About Laryngopharyngeal Reflux

Laryngopharyngeal Reflux (LPR) refers to the backflow of stomach acid into the larynx (the voice box) or the pharynx (the throat). LPR can occur day or night, but is most common at night when lying down. Because the tissues of the voice box and throat are very sensitive to injury and irritation from stomach acid, problems can occur if even small amounts of refluxed material reach into the throat.

Many people with LPR don’t have heartburn… Why is that?

Not everyone with reflux has a lot of heartburn or indigestion. In fact, many people with LPR never have heartburn. This is because the material that refluxes does not stay in the esophagus for long enough to irritate the esophagus and cause heartburn. Consequently, this is why LPR is called Silent Reflux. Because LPR is silent, it can be difficult for patients to know this that they are having reflux.

Diagnosing Laryngopharyngeal Reflux

Chronic hoarseness, throat clearing, and cough, as well as a feeling of a lump in the throat or difficulty swallowing, may be signs that you have LPR. Some people have hoarseness that comes and goes, and others have a problem with too much nose and throat drainage, that is, too much mucus or phlegm. If you have any of these symptoms, and especially if you smoke, you should talk with us about LPR.

Laryngopharyngeal reflux can usually be diagnosed by taking a good history and doing a fiberoptic laryngoscopy. A fiberoptic laryngoscopy is a painless exam that is done in the office. It allows us to get a close up view of the larynx or voice box. LPR causes certain changes in the throat that can be seen on fiberoptic laryngoscopy.

Medical Treatment

How is LPR treated?

  • Medications to reduce stomach acid
  • Diet modifications
  • Weight reduction
  • Surgery to prevent reflux (rarely needed)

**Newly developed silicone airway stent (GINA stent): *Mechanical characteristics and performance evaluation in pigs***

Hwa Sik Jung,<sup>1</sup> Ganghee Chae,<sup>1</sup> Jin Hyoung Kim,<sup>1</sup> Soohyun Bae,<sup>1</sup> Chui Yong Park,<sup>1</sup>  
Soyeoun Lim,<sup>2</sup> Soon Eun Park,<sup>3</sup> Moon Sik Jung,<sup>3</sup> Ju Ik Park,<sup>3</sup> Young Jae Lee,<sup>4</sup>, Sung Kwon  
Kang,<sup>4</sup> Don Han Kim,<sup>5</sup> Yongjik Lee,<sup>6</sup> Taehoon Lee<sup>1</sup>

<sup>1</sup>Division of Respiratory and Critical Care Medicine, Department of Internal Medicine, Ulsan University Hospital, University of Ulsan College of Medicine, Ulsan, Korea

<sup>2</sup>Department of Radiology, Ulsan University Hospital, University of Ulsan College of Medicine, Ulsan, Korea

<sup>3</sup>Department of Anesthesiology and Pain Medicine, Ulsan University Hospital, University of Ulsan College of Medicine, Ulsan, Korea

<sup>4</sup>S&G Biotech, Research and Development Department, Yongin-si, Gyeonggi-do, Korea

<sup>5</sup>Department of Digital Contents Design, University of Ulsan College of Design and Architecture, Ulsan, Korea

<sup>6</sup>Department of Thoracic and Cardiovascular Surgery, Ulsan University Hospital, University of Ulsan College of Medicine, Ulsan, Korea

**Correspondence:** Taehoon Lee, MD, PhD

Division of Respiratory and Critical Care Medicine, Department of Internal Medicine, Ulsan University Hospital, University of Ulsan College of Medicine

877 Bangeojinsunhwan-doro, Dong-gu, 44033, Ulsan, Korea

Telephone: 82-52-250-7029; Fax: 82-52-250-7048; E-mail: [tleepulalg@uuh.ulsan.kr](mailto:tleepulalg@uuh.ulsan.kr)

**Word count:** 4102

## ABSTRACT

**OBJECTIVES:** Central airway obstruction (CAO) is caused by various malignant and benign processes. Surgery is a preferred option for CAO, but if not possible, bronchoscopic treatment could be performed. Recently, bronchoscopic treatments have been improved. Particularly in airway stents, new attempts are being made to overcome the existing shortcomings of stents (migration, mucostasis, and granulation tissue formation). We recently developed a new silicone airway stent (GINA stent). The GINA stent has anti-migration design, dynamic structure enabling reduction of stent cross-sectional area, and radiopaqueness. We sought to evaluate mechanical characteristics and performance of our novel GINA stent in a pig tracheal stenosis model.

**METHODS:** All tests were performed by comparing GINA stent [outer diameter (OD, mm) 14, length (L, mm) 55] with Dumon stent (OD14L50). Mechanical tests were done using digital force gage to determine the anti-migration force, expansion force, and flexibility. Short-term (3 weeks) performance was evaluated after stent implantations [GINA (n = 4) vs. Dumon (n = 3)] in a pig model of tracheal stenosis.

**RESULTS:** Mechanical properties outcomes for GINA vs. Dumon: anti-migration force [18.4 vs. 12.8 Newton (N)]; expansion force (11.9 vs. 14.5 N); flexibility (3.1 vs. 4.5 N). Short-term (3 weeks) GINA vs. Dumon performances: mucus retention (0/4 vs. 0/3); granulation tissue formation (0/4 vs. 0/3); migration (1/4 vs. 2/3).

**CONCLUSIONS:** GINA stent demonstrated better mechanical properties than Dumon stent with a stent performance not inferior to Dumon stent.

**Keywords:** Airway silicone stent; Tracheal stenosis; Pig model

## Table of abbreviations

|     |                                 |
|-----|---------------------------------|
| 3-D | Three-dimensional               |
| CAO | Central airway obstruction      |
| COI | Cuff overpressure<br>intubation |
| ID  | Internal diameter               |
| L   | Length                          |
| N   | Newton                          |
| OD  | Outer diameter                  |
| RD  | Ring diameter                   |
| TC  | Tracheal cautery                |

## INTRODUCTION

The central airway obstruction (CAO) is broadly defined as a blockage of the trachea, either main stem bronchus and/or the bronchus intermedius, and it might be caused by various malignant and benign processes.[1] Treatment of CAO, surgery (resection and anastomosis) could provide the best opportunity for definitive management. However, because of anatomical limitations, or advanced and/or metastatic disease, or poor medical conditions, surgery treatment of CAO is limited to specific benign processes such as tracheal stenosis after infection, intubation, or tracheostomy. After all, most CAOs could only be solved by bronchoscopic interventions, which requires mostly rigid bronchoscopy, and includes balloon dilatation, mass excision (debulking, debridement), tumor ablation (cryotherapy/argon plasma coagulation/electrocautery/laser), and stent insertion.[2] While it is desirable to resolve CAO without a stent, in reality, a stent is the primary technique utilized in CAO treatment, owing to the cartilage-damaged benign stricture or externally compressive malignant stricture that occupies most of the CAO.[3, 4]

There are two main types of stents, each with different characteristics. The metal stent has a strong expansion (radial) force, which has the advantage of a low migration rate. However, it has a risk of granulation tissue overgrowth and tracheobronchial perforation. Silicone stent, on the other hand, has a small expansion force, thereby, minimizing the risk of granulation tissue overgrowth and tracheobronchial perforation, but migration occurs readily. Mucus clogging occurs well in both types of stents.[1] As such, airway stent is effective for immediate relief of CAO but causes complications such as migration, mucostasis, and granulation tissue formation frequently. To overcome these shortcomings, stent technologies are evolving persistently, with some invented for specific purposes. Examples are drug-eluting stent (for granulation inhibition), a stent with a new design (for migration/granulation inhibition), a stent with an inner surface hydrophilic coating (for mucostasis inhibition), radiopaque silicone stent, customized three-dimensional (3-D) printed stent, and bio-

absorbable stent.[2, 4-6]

Tips for reducing reflux and LPR

  • Do not smoke. Smoking will cause reflux.
  • Avoid tight fitting clothes around the waist.
  • Avoid eating three hours prior to bedtime and avoid eating a large meal at night.
  • Weight loss; shedding a few pounds is often all that is required to prevent reflux.
  • Avoid caffeine, carbonated beverages, citrus beverages, alcoholic beverages, cheese, fried foods, eggs and chocolate.
  • For patients with more severe symptoms, it is helpful to sleep with the head of the bed elevated six inches.

Will I need LPR treatment forever?

With medication, most patients will begin to notice some relief in their symptoms in about 6 weeks. However, it is generally recommended that the medication be continued for several months. If the symptoms completely resolve, the medication can then begin to be tapered. Some people will be symptom free without the medication while other people may have relapses which require treatment again.

Surgical Treatment for LPR

Surgery to prevent reflux is rarely needed. Diet modifications and current medications have allowed LPR to be treated without surgery most of the time. If surgery is needed it involves tightening the muscle at the top of the stomach to prevent the reflux from happening. This is done by a general surgeon in consultation with a gastroenterologist.